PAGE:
November is Financial Literacy Month and we are kicking it off with 19 fast financial facts to get you up to speed in under 2 minutes!
Paying the minimum required on a credit card will get you nowhere. If you need proof, get your statement and look for the “Time to Pay” section.
A 2.5% Management Expense Ratio (MER) fee on a mutual fund can decimate your retirement nest egg. The proof is here.
Since 1988, The TSX has been in the red 10 times on an annual basis. The worst drop was 35% in 2008, with the biggest gain being 31% a year later in 2009. The index was 3160 in 1988 and is currently over 21,000.
Requesting your own credit report or checking your score does not reduce your credit score.
Packing a lunch and passing on a daily take-out coffee or bottled water are the two most suggested ways to save money for good reason - they are relatively painless and can put over $3000 back in your jeans.
The top interest rates on cash in the bank are around 1.35%. You will make $675 in interest if you have $50,000 sitting in cash for a year.
Inflation is currently over 4%, double the government’s target rate and expected to remain high for at least a year. Keep in mind that raising interest rates is the government’s usual response to battle inflation.
Contributions to a Tax-Free Savings Account (TFSA) are not tax deductible, but any funds you deposit along with any investment gains are tax-free when you withdraw them.
The maximum CPP you can receive is around $1200/month, but the average is less than $700. You must max out the annual contribution (currently around $3200/year) for around 35 years to get the full benefit.
Canadian households saved an average of $5816 in 2020. Canadian savings rates have skyrocketed during the pandemic and are currently around 14%. They were well under 3% for many years prior to the pandemic.
A Registered Education Savings Plan guarantees matching grants of 20%. If you put in the maximum annual contribution of $2500, the government will add an additional $500 to the account.
The average new mortgage these days (Q2 of 2021) is $410,000 - 60% higher than the same period just one year earlier.
RRSP contributions are tax deductible. You can put up to 18% of your income in an RRSP and reduce your taxes, but you will pay tax on that money when you withdraw it from your RRSP.
The average Canadian owes the bank $73,500 with the average non-mortgage debt around $23,000.
Fifty-seven percent of adult Canadians do not have a will.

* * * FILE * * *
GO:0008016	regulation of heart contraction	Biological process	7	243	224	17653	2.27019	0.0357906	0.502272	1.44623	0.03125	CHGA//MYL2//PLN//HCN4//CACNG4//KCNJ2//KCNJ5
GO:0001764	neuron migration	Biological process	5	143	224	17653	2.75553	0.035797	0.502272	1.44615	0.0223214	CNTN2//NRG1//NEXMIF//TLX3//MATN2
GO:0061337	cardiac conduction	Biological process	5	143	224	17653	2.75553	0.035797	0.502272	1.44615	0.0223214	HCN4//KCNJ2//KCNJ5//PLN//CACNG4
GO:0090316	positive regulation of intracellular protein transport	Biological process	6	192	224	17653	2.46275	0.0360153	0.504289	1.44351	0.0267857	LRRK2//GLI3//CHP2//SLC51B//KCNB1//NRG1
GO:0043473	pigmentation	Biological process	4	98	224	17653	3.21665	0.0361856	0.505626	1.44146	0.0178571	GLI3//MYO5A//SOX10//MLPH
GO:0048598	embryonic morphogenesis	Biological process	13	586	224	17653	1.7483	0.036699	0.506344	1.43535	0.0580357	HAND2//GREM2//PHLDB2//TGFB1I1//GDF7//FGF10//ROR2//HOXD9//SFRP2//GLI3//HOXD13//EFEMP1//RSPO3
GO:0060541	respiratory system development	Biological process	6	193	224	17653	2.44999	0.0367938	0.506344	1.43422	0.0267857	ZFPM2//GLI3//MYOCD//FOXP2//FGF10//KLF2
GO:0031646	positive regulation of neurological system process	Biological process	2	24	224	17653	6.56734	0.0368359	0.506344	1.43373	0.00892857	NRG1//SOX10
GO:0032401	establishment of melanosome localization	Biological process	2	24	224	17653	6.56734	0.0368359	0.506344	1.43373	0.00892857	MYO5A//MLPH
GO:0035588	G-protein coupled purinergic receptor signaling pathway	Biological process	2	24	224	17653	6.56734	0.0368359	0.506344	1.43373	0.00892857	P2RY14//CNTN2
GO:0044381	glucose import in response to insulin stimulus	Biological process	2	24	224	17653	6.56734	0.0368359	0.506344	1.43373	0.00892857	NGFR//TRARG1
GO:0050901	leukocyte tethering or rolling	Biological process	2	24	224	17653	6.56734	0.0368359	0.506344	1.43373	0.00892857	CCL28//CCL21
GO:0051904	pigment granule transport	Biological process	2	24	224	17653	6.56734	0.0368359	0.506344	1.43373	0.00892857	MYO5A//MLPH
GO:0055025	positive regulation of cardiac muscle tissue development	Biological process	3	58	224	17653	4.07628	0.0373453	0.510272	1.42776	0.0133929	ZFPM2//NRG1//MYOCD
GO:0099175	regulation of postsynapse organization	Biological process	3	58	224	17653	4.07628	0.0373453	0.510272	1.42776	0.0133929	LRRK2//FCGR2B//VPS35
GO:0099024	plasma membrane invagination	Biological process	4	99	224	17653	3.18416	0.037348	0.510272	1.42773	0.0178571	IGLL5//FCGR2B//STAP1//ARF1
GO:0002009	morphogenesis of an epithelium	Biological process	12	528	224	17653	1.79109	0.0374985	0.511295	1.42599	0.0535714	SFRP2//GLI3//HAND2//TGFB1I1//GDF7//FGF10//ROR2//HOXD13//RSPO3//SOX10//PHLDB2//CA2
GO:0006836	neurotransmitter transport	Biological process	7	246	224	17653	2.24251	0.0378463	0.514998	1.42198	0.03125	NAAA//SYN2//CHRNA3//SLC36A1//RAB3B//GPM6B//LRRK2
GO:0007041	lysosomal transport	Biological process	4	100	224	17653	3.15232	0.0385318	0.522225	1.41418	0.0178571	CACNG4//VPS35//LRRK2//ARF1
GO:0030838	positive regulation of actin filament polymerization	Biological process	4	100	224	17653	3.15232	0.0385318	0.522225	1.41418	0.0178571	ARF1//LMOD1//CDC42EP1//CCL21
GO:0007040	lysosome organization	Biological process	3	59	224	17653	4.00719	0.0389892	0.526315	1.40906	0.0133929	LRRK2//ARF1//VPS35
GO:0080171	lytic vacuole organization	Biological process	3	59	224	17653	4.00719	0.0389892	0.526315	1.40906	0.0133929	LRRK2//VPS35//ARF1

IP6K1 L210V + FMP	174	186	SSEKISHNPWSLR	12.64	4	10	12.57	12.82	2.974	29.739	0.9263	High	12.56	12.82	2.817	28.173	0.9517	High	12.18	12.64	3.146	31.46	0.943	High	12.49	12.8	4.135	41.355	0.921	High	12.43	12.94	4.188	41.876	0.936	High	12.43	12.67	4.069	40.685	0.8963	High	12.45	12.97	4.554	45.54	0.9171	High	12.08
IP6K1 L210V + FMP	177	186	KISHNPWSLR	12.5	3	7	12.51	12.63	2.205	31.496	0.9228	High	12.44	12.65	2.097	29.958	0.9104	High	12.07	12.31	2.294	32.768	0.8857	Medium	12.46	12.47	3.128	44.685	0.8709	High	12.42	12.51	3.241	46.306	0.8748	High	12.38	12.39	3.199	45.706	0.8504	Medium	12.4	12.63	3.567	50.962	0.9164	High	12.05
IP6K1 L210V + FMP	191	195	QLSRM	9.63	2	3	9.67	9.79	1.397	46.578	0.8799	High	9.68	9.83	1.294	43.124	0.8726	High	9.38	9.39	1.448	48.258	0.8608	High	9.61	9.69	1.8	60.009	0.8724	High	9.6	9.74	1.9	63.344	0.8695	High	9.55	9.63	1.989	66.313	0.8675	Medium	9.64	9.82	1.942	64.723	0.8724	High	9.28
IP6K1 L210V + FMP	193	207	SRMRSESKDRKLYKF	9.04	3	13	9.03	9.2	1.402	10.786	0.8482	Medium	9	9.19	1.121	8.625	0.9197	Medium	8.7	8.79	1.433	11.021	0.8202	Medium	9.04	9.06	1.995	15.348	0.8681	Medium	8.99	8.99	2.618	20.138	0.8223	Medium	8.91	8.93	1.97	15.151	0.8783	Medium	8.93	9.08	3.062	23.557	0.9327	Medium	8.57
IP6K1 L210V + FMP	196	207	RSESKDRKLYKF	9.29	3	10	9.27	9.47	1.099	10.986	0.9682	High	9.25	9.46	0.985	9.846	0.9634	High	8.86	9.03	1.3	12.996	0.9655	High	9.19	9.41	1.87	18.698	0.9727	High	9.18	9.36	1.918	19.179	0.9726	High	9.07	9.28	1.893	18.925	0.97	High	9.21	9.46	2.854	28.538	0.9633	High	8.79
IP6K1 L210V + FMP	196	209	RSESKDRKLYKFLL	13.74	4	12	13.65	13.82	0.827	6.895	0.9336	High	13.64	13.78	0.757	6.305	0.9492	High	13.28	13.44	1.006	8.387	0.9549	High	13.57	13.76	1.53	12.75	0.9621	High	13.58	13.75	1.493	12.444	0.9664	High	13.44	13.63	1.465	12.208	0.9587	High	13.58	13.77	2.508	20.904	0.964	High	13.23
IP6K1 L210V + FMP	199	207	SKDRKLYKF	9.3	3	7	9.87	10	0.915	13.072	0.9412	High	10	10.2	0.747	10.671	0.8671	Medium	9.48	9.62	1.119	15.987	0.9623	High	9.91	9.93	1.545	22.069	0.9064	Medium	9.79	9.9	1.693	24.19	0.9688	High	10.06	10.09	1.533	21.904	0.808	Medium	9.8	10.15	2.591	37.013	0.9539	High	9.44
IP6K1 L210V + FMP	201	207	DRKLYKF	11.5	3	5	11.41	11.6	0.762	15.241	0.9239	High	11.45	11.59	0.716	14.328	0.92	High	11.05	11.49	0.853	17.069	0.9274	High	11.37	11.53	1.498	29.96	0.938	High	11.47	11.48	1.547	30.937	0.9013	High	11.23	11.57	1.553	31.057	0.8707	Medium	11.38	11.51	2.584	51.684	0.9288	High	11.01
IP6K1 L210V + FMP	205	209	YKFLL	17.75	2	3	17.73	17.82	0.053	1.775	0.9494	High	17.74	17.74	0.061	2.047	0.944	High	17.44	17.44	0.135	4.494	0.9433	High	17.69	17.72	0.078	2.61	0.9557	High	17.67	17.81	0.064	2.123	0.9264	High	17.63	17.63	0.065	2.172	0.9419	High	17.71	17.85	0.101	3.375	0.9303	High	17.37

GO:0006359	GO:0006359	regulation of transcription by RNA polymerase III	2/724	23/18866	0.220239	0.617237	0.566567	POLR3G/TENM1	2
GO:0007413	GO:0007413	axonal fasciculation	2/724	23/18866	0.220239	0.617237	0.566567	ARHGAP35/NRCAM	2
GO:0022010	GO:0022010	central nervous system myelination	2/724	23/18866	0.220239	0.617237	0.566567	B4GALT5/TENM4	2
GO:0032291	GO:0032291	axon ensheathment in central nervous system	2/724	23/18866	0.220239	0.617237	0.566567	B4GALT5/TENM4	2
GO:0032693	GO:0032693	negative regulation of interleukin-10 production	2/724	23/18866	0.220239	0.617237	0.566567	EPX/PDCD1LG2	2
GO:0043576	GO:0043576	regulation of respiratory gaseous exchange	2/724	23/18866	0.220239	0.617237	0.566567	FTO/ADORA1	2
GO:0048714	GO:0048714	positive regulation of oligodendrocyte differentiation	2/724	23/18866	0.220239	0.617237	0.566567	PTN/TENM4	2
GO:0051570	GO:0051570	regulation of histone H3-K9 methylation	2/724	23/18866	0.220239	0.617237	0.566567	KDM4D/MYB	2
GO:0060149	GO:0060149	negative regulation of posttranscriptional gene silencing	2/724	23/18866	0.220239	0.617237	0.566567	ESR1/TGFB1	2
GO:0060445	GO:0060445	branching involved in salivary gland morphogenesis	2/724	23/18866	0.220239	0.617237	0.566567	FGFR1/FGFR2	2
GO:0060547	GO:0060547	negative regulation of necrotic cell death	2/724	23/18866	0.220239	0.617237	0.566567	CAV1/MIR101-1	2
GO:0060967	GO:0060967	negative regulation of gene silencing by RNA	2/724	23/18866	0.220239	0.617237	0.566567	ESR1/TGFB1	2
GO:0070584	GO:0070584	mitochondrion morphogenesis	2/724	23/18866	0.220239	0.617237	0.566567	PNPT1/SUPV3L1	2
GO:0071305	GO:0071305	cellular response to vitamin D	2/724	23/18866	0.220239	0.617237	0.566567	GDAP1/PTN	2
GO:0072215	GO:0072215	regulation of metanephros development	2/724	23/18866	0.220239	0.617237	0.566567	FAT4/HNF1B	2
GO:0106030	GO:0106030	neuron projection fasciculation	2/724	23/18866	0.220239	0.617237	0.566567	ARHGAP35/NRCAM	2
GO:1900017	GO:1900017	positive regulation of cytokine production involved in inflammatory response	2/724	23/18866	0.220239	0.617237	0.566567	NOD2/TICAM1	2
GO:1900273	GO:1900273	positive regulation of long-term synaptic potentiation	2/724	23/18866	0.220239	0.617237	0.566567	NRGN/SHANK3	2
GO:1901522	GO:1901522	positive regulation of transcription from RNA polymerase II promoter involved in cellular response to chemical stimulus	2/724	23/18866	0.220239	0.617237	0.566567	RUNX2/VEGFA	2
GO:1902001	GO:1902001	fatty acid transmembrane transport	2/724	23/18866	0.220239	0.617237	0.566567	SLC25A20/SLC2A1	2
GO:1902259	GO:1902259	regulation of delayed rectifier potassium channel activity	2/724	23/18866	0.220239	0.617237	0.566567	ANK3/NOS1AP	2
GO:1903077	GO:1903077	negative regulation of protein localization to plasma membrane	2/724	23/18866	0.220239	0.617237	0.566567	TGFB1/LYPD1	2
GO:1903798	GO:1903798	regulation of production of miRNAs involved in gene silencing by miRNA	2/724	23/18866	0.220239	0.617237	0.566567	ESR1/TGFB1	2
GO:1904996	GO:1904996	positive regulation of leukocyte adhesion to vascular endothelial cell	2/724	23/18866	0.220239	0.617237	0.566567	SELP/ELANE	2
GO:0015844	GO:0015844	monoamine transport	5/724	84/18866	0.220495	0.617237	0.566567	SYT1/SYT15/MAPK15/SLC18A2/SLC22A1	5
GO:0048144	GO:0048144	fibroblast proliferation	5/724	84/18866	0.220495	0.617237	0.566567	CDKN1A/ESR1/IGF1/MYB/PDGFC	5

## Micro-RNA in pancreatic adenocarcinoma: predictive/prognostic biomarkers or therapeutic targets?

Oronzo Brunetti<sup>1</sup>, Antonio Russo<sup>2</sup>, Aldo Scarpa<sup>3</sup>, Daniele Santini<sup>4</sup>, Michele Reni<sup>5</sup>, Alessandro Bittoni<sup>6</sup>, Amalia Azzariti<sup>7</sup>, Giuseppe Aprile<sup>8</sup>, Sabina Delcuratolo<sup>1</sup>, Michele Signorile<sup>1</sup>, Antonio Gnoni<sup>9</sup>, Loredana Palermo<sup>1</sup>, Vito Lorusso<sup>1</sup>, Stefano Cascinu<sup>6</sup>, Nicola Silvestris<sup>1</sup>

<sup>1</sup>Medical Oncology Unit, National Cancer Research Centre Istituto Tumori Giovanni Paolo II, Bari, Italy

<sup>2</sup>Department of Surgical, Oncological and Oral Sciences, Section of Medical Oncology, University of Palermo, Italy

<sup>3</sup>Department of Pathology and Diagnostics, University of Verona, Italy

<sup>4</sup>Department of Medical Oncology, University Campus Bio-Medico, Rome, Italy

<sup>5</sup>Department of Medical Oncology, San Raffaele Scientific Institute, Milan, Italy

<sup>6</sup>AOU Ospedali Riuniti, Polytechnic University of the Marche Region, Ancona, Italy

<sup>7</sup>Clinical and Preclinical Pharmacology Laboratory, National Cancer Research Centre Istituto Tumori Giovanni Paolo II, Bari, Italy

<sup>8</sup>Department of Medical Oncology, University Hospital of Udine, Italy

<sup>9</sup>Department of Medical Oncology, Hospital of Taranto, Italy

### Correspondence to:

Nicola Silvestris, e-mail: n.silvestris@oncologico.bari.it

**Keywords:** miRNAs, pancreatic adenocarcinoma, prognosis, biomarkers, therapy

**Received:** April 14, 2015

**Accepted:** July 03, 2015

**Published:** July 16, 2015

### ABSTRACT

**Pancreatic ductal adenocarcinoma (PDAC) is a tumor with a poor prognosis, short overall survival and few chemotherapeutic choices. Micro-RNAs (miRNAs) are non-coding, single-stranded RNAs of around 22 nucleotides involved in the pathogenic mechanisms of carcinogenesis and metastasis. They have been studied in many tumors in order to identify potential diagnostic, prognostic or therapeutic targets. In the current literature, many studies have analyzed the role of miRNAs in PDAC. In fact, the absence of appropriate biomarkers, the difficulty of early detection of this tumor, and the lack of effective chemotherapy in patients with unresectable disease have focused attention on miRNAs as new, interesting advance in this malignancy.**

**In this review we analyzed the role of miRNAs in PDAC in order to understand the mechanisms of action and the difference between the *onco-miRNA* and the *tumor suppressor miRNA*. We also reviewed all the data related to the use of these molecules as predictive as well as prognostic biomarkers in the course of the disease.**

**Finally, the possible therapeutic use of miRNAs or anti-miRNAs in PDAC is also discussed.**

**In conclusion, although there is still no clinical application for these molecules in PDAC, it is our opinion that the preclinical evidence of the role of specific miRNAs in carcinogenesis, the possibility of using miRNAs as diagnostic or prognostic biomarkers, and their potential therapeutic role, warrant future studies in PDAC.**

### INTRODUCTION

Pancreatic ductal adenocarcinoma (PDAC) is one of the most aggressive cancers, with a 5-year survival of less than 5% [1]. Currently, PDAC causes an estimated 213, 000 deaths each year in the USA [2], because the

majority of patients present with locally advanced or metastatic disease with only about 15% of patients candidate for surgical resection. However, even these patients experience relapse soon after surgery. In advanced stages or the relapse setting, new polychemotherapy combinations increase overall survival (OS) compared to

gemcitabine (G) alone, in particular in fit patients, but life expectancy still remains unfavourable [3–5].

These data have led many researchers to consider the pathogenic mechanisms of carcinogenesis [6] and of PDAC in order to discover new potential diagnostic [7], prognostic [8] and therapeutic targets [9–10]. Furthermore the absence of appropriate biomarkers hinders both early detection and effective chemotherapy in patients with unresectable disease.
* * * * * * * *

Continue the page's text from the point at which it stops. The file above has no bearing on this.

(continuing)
New cars depreciate at much faster rates than used cars. Most cars drop 20%-30% in year one, and 50% in the first 5 years. A shiny new BMW 7 Series or Mercedes S-class could lose up to 70% of its value in 5 years while a Toyota Tacoma will drop only around 30% over the same period.
Studies find that credit cards can double your total spending and lead you to pay a higher price for a given item, whether due to psychological reasons or simply to rack up reward points.
Maxing out your TFSA (currently $6000 year) from age 30 to 65 in an index fund at 5% will give you over half a million dollars on retirement day.
Half of Canadians live paycheque-to-paycheque and studies show this includes many high-income earners addicted to excessive spending.
You paid for it, so why not use it? The Government of Canada's Financial Literacy Month website is a treasure trove of really useful resources. Click on one of the "Key consumer building blocks" like "Managing Expenses" and get information, tools, calculators and lots of great tips. You could spend hours in here!
According to their latest news release this week, the BOC says inflation will be well above their 2% target for a couple of years and interest rates may be going up a lot sooner than expected.
There are still a couple of months left in the year to knock-off the last few items on this great list of 7 targets that everyone should be aiming for.
The Surf app pays you every time you're on the web - it's like a points card for internet browsing. The browser extension piles up reward points you can redeem at all kinds of places like Amazon and Uber eats... and you don't notice a thing!
Approximately 75% of Canadians who would like to buy a house simply can't afford it, so it's time to move on and leverage the benefits of renting vs buying.